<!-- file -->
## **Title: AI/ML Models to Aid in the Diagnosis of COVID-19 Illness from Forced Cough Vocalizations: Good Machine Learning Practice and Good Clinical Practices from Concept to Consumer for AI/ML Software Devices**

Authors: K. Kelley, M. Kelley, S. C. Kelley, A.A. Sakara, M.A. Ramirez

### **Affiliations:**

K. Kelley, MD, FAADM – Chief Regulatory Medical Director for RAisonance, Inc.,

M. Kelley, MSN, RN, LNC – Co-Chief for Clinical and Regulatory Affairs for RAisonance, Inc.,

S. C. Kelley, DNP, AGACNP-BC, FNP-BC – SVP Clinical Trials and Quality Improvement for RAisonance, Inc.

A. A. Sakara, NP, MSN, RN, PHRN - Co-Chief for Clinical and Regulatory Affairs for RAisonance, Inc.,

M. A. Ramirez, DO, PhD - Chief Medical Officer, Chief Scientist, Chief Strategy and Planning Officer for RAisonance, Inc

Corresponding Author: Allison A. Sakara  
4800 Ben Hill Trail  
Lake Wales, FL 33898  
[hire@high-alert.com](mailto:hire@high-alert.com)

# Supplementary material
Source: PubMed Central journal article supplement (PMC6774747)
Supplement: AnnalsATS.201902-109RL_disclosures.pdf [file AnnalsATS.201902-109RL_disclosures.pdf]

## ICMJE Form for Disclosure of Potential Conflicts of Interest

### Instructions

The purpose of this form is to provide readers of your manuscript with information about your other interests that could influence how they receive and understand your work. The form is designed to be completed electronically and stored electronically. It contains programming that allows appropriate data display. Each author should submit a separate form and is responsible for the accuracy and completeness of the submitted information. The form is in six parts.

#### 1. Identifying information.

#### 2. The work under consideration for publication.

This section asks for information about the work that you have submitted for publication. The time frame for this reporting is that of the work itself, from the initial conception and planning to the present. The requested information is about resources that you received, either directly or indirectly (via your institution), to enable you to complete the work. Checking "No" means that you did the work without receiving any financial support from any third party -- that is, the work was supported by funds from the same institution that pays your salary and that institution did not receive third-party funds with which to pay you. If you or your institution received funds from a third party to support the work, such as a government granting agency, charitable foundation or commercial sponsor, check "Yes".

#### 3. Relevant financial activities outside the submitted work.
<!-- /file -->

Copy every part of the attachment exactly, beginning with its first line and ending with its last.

## **Title: AI/ML Models to Aid in the Diagnosis of COVID-19 Illness from Forced Cough Vocalizations: Good Machine Learning Practice and Good Clinical Practices from Concept to Consumer for AI/ML Software Devices**

Authors: K. Kelley, M. Kelley, S. C. Kelley, A.A. Sakara, M.A. Ramirez

### **Affiliations:**

K. Kelley, MD, FAADM – Chief Regulatory Medical Director for RAisonance, Inc.,

M. Kelley, MSN, RN, LNC – Co-Chief for Clinical and Regulatory Affairs for RAisonance, Inc.,

S. C. Kelley, DNP, AGACNP-BC, FNP-BC – SVP Clinical Trials and Quality Improvement for RAisonance, Inc.

A. A. Sakara, NP, MSN, RN, PHRN - Co-Chief for Clinical and Regulatory Affairs for RAisonance, Inc.,

M. A. Ramirez, DO, PhD - Chief Medical Officer, Chief Scientist, Chief Strategy and Planning Officer for RAisonance, Inc

Corresponding Author: Allison A. Sakara  
4800 Ben Hill Trail  
Lake Wales, FL 33898  
[hire@high-alert.com](mailto:hire@high-alert.com)

# Supplementary material
Source: PubMed Central journal article supplement (PMC6774747)
Supplement: AnnalsATS.201902-109RL_disclosures.pdf [file AnnalsATS.201902-109RL_disclosures.pdf]

## ICMJE Form for Disclosure of Potential Conflicts of Interest

### Instructions

The purpose of this form is to provide readers of your manuscript with information about your other interests that could influence how they receive and understand your work. The form is designed to be completed electronically and stored electronically. It contains programming that allows appropriate data display. Each author should submit a separate form and is responsible for the accuracy and completeness of the submitted information. The form is in six parts.

#### 1. Identifying information.

#### 2. The work under consideration for publication.

This section asks for information about the work that you have submitted for publication. The time frame for this reporting is that of the work itself, from the initial conception and planning to the present. The requested information is about resources that you received, either directly or indirectly (via your institution), to enable you to complete the work. Checking "No" means that you did the work without receiving any financial support from any third party -- that is, the work was supported by funds from the same institution that pays your salary and that institution did not receive third-party funds with which to pay you. If you or your institution received funds from a third party to support the work, such as a government granting agency, charitable foundation or commercial sponsor, check "Yes".

#### 3. Relevant financial activities outside the submitted work.